Internet Explorer Support and the Question of Modernization
Ed Bott published an article called “Who’s still using Internet Explorer? And why won’t they upgrade?” I think he skims the surface of the first question, but the second appears to be rhetorical. In case you didn’t hear, all versions of Internet Explorer below 11 will be unsupported starting January 2016. Microsoft announced this two years ago, but it still might come as a surprise to some customers. Also come January, Office 365 users can expect a noticeably “diminished experience” should they continue to utilize IE 8 and 9, per a more recent Microsoft announcement. The message is clear: If you aren’t thinking about Windows 10, now is a good time!
Let’s take a look at Ed’s stats:
- Net Market Share says Microsoft browsers account for 50.7% of all worldwide visits
- Between 200 million to 800 million Windows PC users are still using Microsoft browsers
- Internet Explorer 11 accounts for an average of over 50% of most of Microsoft browsers, with IE 10, 9 and 8 all coming in at less than 15% on average
Now, most versions of IE are tied to the OS, but the problem is none of these stats are broken down by consumer and business. This is really where things differ.
Consumers have more flexibility to upgrade their own desktops at their leisure because most aren’t worried about website compatibility. If they want the latest OS or hardware, they will either use the default browser or load up something else. Businesses are always developing for the latest platforms because they are following consumer innovation. This is how they can keep traffic coming to their websites.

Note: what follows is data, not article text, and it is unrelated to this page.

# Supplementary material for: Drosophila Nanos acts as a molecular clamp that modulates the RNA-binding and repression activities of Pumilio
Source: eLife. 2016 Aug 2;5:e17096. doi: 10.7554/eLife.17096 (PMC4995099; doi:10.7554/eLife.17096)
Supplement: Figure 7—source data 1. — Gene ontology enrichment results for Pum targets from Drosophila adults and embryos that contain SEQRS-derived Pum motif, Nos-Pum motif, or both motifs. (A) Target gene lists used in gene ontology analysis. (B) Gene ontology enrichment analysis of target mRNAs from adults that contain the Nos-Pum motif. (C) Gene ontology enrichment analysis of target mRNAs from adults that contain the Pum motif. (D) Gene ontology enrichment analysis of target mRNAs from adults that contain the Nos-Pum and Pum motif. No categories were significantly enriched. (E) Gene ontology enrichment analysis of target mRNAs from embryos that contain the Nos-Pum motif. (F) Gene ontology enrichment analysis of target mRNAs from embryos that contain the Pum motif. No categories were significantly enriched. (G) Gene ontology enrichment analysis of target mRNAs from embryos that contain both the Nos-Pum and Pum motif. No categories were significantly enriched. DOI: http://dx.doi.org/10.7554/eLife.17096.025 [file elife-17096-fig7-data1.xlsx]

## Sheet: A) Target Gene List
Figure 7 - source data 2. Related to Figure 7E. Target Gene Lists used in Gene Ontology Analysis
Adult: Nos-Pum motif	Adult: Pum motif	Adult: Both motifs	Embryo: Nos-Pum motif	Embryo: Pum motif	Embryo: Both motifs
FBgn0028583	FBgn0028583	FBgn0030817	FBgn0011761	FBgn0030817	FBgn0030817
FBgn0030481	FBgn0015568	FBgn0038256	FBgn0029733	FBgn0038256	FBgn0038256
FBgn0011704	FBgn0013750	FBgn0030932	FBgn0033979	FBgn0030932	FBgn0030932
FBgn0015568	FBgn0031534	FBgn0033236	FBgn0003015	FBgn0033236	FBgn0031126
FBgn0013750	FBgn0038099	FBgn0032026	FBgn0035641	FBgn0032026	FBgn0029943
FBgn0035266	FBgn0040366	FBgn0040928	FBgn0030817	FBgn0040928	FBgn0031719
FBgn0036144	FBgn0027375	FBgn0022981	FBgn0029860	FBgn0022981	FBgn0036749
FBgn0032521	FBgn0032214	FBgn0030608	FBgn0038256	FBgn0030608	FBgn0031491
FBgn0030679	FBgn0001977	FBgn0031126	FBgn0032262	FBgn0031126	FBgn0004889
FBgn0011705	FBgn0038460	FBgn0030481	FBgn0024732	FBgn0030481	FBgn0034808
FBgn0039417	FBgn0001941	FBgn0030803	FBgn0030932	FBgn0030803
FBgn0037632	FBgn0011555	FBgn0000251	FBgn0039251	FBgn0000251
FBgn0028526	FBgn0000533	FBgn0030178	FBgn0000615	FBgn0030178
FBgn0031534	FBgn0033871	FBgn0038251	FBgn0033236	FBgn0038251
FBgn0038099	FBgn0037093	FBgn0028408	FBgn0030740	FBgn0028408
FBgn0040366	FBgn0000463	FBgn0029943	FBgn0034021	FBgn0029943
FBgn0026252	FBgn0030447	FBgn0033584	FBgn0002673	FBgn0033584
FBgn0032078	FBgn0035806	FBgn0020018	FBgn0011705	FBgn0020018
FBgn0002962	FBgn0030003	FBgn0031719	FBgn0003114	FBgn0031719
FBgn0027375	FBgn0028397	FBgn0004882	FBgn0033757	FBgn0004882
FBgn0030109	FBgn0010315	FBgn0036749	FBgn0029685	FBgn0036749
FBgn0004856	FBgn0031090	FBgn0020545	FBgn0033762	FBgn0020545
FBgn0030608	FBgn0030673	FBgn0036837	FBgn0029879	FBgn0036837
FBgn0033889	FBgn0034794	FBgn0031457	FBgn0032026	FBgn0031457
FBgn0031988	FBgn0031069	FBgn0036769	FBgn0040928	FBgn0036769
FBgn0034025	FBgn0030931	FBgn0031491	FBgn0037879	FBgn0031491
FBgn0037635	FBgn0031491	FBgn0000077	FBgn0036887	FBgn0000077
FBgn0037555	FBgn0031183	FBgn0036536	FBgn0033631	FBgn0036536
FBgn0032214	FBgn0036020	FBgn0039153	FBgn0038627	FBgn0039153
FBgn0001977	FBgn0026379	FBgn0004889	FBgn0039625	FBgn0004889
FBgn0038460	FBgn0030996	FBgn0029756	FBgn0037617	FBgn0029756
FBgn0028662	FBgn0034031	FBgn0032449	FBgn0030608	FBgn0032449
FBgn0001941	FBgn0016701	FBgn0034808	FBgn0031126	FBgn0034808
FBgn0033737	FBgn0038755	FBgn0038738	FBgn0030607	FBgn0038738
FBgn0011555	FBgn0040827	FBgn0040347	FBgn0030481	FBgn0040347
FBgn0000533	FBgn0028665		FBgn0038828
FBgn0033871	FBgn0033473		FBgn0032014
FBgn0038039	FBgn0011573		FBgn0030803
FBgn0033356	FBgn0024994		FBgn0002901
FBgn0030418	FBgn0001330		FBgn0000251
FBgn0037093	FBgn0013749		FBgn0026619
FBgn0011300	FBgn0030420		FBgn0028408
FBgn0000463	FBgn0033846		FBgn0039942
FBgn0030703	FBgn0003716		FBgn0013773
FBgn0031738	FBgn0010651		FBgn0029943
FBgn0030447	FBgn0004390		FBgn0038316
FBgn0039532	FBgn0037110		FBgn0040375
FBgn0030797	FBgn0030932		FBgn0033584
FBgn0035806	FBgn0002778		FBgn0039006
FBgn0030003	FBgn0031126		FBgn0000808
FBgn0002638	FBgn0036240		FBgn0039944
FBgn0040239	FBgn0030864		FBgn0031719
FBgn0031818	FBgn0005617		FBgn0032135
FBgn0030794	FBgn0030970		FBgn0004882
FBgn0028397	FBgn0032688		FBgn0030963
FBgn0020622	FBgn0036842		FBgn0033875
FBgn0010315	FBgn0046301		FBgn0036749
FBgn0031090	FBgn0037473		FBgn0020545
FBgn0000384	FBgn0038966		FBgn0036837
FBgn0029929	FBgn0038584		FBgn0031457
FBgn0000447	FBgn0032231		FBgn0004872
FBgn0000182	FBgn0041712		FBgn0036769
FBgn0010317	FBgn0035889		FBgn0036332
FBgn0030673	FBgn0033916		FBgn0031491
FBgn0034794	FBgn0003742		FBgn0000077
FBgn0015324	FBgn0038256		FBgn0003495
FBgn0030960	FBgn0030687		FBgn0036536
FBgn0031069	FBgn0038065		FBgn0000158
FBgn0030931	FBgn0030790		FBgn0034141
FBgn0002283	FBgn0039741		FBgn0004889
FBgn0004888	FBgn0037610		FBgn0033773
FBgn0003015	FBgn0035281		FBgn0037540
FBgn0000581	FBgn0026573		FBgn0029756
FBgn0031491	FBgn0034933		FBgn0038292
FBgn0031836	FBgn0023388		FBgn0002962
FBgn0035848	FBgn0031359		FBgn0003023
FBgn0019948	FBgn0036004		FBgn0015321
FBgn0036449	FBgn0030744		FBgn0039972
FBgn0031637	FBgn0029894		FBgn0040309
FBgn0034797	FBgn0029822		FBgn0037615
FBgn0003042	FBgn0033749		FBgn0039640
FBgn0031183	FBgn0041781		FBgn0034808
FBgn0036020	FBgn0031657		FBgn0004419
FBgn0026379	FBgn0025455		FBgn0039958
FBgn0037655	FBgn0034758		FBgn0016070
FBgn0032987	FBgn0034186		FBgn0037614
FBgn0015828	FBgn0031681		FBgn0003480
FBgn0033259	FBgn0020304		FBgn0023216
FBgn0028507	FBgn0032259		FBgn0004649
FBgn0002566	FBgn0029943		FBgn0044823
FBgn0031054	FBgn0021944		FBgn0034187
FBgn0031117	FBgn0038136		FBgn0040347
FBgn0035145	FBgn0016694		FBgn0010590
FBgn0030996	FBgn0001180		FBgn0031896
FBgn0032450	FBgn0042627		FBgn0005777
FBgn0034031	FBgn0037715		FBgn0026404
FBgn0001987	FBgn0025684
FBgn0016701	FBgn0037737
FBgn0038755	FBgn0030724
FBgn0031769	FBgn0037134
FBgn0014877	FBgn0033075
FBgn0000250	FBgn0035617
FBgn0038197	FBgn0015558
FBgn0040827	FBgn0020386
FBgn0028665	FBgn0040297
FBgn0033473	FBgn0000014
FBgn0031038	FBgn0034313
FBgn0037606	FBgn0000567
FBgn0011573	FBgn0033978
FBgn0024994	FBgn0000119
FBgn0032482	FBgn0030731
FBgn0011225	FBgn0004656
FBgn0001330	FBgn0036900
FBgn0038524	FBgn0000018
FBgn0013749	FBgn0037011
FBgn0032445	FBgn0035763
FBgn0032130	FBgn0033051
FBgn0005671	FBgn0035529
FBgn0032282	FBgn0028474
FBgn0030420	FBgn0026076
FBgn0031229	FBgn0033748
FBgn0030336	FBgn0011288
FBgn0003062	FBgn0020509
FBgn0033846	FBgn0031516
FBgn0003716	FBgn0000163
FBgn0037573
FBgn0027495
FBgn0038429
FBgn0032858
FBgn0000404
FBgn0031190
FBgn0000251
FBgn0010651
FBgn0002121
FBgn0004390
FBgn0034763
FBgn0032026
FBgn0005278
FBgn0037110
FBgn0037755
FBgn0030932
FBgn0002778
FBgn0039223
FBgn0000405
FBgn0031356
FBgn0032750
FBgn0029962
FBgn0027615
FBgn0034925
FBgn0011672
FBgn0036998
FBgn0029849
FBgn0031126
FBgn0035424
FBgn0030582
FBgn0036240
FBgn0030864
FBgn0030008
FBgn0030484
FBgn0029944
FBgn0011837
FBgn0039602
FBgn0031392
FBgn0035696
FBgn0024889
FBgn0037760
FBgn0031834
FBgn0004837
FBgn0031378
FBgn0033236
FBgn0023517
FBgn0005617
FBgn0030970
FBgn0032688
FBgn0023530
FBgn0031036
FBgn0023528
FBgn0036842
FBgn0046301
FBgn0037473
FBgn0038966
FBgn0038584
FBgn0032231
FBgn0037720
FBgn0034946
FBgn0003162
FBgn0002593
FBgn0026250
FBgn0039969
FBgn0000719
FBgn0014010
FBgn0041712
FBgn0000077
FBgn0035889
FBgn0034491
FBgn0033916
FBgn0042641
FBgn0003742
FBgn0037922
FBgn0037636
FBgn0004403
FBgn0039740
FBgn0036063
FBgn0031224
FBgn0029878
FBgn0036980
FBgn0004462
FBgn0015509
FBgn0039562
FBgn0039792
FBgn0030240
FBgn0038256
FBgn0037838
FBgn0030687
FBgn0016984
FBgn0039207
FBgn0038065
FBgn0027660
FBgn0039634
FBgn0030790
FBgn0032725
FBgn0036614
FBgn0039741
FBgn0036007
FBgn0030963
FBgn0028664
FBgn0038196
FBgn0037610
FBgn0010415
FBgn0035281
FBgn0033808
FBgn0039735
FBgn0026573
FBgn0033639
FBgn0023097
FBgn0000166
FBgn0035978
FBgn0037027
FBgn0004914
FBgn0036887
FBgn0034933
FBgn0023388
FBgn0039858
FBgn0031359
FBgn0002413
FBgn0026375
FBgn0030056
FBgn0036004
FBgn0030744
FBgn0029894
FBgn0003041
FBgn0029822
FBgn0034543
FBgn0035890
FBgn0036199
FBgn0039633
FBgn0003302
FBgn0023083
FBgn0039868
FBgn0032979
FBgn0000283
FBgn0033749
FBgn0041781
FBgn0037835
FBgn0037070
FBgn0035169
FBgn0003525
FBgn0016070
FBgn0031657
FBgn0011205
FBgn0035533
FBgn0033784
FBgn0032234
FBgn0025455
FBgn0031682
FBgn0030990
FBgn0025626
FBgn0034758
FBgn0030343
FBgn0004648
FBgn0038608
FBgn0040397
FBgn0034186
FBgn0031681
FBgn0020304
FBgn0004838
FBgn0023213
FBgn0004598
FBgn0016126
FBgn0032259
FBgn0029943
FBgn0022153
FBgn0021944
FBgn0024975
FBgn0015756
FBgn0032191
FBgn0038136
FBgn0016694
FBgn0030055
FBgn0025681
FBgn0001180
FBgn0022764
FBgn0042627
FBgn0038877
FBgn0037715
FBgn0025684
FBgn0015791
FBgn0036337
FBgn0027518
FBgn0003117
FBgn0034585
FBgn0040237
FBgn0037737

Back when Windows Server 2000 was released, a lot of companies hired developers to run their own Line-of-Business (LOB) applications. This was before massive ERP systems had a strong foothold. When Windows Server 2003 came out, the applications were moved over, but somewhere between then and the next release of Windows Server, the developers were let go and the business was left with a barely supported LOB application running on an unsupported OS.
This happens more than you might think.
When you look at the history, it becomes apparent why so many legacy IE users are out there. Businesses, not consumers, are stuck with legacy software to back legacy applications that work great, but are ultimately unsupported. If you think IE is bad, think about all the specific versions of Java there are out there. Coming from an Enterprise, I can tell you that sometimes it isn’t only the browser holding upgrades back, but Java as well (and of course, the lack of developers).
Here is where we find ourselves. It’s a few months after the Windows 10 release and customers are starting to realize the old model of “good enough” support is no longer valid. How can you possibly innovate when you aren’t leveraging the latest technologies?
Change is certainly scary, but in the case of legacy IE, there are only benefits. The short term benefits are supportability and security. By moving to the latest IE or Windows 10, you are ensured to be up to date against malicious activity. This doesn’t solve the long term problem though – those legacy apps.
Here’s where the IE discussion becomes a modernization discussion. Take a look at your legacy, unsupported applications and ask yourself – “What would I do if that went away?” Now remember that you are looking at a (likely) unsupported application running on an unsupported operating system. Even if you have storage replication and a great DR plan in place, if anything goes wrong, you are out of luck.
Arraya can help you take a look at your workloads and give you recommendations on what to do next through an offering called Data Center Day. You bring your data center inventory in and we bring our knowledge experts to show you the latest technology and how you can get innovating again. Interested in scheduling a Data Center Day? Reach out to us at http://www.arrayasolutions.com/contact-us/ to set yours up today.